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Old 05-15-2020, 11:15 AM
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Optimal economic growth?


There was a board on which one poster was constantly beating the drum Cut taxes and watch the economy soar! Setting aside the documented fallacy of that position, I have been wondering as to whether a soaring (rapidly growing/booming) economy is in fact a good thing.

We have seen repeated boom/bust cycles in the economy, and it seems like the bigger the boom the deeper the bust, more or less. There is an obvious season modeling, where the seasons are years long instead of months: if the economy is surging, we can be certain that financial winter will follow at some point.

So the question is, can we somehow temper the system in a way that evens out the peaks and troughs, to attain on economy that is more stable? (I suspect that strong growth tends to be sectorized, so perhaps the idea of a tax on instrument trading as was implemented in the 1930s would reduce excessive capital slosh.)

There are a lot of facets to this question, leading into deeper sociological and environmental issues surrounding the economy itself, but mostly I want to get at "how much is too much" within the context of the contemporary paradigm.
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Old 05-15-2020, 11:55 AM
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Not an economist, but before the pandemic I remember reading stories about China trying to slow down their economic growth rates sometimes. I don't recall the reasons, but I think stopping inflation was a motivator.
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Old 05-15-2020, 11:57 AM
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That is kind of the point of monetary and fiscal policy. That said,

1. Whether you CAN do it is different from whether you have the political will to do it. People love it when the government steps in to try to help out during a recession; they get all pissed off when the government or central bank does something to slow down the economy at its peak, even though, obviously, you need to do that. So governments and central banks often don't have the nards to slow the economy down when that's needed. Plus...

2. Economies are insanely complex, and one's ability to control it is limited even if you have the will. This isn't like driving a car to ensure it doesn't veer too far left or right; it's a billion times more complicated. You can smooth it out a little, but a pandemic hits and whaddya gonna do. Or something the government does has a huge unexpected consequence.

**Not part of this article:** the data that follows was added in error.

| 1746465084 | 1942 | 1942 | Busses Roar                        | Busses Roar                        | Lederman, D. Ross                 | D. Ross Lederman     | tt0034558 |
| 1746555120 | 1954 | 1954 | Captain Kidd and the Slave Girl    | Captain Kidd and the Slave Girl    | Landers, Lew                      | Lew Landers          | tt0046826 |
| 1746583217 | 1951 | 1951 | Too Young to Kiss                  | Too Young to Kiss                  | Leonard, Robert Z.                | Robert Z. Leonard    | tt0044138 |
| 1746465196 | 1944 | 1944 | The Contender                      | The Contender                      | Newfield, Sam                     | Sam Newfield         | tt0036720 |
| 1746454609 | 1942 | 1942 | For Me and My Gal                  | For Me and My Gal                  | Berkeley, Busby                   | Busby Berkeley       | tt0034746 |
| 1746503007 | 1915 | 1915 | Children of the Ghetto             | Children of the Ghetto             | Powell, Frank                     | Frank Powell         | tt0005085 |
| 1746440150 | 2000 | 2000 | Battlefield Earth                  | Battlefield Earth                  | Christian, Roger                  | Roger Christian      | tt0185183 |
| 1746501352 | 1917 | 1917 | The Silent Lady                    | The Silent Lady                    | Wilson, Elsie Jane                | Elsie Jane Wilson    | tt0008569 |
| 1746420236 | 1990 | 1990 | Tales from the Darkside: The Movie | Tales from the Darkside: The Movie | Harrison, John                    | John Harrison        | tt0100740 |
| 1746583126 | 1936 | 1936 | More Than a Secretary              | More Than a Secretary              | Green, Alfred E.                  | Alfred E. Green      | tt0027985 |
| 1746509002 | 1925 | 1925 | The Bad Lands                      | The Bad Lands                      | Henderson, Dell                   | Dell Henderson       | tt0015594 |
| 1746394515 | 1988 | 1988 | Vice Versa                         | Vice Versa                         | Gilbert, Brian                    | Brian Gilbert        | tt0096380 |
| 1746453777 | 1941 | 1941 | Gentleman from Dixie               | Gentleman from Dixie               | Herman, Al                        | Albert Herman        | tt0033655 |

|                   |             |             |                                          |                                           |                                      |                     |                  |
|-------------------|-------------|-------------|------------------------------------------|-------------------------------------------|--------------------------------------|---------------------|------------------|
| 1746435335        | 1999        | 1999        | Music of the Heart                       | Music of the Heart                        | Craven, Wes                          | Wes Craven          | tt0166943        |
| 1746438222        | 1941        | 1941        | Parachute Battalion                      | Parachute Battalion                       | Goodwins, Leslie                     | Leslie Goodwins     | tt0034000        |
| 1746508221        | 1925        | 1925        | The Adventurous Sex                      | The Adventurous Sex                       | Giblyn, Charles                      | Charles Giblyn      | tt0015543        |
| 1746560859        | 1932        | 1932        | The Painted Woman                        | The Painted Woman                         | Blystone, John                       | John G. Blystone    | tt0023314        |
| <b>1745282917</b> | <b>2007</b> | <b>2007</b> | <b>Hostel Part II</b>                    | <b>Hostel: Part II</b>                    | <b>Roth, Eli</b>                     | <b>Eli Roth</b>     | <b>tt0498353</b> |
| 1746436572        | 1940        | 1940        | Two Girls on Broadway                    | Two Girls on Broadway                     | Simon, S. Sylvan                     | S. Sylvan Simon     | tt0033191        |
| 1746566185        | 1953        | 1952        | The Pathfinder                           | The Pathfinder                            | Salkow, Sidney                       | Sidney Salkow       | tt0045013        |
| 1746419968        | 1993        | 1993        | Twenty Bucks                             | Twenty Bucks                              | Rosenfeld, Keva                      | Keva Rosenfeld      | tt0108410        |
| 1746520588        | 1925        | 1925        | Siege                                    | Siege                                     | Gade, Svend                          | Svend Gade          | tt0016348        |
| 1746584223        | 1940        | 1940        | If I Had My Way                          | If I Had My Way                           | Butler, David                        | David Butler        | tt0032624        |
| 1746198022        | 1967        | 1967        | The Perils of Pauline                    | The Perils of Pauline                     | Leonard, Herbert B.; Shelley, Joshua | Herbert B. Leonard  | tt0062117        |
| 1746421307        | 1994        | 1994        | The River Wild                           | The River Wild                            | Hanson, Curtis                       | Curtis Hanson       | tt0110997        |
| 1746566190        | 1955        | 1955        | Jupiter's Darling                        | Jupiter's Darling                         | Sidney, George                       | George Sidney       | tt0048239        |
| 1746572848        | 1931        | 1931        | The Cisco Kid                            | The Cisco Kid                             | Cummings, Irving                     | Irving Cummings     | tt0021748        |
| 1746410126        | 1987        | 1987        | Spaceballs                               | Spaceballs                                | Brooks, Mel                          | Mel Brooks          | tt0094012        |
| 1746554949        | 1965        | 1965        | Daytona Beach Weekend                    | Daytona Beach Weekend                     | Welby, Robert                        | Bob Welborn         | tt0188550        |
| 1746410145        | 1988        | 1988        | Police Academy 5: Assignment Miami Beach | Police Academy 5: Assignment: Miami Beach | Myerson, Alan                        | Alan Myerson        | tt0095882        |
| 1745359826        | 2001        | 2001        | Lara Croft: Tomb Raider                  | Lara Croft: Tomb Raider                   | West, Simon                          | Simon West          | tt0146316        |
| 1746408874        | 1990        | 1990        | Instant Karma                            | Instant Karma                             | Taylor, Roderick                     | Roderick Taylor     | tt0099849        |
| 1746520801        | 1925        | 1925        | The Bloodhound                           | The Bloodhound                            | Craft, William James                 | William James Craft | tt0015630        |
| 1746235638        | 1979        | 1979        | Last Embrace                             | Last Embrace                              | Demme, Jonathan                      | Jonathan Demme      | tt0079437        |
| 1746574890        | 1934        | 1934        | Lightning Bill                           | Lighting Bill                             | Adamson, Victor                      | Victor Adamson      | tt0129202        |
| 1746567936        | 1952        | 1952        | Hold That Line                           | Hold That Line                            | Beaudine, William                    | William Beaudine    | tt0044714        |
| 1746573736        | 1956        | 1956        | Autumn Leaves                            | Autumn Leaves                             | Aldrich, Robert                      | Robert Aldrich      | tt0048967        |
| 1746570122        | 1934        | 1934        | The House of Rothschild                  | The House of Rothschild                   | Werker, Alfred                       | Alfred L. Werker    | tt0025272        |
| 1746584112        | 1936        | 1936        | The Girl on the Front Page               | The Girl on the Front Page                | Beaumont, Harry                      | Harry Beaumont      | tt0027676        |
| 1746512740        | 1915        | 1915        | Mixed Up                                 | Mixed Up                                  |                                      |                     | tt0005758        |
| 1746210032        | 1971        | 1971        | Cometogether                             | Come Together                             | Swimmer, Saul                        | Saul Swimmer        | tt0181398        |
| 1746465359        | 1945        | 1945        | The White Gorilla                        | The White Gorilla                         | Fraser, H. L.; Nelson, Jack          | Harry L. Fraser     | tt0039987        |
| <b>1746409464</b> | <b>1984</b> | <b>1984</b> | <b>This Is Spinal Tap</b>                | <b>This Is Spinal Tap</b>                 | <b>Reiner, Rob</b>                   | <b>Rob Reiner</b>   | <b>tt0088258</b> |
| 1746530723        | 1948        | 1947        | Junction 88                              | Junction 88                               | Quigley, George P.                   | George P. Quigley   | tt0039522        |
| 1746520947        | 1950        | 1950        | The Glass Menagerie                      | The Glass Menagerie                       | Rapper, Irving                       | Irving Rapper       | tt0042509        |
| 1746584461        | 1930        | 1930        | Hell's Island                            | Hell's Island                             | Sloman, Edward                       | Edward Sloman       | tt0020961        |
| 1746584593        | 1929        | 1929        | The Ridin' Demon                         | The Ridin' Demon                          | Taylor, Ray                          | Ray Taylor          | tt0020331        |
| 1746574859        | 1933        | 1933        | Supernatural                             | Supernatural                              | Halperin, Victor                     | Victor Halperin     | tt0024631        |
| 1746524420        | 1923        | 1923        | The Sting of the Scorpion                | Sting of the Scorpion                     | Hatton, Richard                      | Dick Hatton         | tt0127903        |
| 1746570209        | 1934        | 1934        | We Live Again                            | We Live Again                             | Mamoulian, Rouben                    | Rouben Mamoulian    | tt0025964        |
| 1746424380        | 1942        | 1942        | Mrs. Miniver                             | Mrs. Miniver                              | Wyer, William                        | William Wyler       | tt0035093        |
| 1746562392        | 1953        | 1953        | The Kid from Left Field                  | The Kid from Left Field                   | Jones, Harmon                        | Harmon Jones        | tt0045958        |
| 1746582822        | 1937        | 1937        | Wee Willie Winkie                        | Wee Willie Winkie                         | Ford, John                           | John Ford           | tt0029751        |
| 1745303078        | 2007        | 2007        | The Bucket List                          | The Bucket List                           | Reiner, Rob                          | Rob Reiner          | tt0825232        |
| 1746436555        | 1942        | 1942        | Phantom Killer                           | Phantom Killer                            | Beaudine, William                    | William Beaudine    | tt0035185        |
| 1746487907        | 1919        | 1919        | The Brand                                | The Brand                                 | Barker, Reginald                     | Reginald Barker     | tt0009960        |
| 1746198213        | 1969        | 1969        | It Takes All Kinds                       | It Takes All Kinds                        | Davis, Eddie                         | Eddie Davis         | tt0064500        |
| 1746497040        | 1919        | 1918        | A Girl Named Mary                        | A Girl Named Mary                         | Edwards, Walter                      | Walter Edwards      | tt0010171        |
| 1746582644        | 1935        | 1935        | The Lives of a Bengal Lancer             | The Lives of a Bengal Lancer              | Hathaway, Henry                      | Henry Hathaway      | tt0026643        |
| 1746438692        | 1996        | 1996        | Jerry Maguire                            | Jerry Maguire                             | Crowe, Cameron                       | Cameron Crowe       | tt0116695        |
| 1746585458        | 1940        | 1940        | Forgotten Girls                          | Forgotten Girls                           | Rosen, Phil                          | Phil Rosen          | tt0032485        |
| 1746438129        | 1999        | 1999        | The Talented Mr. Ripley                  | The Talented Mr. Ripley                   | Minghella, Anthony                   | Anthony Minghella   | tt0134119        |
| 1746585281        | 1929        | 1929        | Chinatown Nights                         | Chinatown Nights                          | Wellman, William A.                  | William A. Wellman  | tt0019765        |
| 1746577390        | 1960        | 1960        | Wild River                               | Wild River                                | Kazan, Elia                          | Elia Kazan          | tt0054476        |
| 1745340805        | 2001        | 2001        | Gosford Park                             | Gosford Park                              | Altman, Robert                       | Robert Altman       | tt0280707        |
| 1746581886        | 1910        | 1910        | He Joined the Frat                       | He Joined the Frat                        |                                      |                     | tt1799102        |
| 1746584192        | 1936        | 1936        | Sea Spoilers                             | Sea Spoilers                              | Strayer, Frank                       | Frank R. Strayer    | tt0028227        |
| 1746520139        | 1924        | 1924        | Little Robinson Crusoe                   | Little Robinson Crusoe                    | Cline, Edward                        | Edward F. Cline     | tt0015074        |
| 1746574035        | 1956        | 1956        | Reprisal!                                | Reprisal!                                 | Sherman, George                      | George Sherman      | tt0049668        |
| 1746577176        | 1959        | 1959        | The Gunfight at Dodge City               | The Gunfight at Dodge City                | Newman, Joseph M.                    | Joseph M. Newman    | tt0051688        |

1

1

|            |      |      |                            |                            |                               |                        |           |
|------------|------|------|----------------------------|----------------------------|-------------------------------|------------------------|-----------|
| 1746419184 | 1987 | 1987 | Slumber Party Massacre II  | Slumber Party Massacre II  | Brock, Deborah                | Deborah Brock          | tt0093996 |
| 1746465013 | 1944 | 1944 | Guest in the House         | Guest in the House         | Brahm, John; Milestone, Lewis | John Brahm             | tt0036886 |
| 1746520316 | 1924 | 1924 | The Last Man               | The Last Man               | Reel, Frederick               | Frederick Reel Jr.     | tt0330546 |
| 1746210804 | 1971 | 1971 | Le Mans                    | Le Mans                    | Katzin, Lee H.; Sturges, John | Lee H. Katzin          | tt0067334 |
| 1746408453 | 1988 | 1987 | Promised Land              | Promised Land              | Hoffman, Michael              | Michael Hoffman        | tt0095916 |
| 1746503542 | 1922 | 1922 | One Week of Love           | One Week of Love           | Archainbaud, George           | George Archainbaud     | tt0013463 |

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Old 05-15-2020, 11:59 AM
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AIUI, the ideal is a slow, steady, stable rate of endless growth and productivity. Something like, 2-3% GDP growth year after year after year (assuming you're already a developed economy.) All other things being equal, if you can pull that off while having low debt, no real estate bubble, moderate taxes and are not too dependent on trade with outside nations, there is no reason you can't have a strong economy forever and no recessions.
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Old 05-15-2020, 12:17 PM
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The problem is the yardstick being used.

If your yardstick is nominal GDP as measured in US dollars, then printing infinite money = infinite success. Obviously, however, that's a crap plan.

Likewise when we talk about the stock market. The stock market is also measured in USD, and is just as faulty as flat GDP for the same reason (among others).

There are a lot of really friggen faulty yardsticks that get thrown around like candy. Most of them are subject to really straight-forward manipulation. In fact, almost all of the figures you might hear an economist mention are out-and-out crap: GDP, unemployment, miles-card-board-boxes-traveled-in-trains (USSR example), tax receipts, etc. All crap.

What appears to be a "boom" is really just a reflection of some distortion, and since that distortion is not actually beneficial, but sucks resources from the things that are, it leads to a "bust" where the consequences of malinvestment come back to haunt us.

The optimal growth rate is tied to productivity, but measuring productivity runs into the yardstick problem. An economy should never grow at a rate significantly higher or lower than the change in productivity - when it does, a reversion to the mean is inevitable - but productivity doesn't grow at some constant rate. It has bursts and dry spells depending on circumstances and technology. Now, what that rate is on any given day, I can't tell you. I can only guesstimate with crappy yardsticks.
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Old 05-15-2020, 05:36 PM
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We have tempered the ups and downs of the economy. Good central banking meant that for the US the 2010s were the first decade without a recession.
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Old 05-15-2020, 10:01 PM
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Quote:
Originally Posted by puddleglum View Post
We have tempered the ups and downs of the economy. Good central banking meant that for the US the 2010s were the first decade without a recession.
But for the 2010s, I was under the impression we were just trying to regain ground lost from the 2008 collapse, not grow the economy to a newer and better position than it has been before.

From an economic POV, does regaining lost ground follow different rules than being the tip of the spear of global economics.
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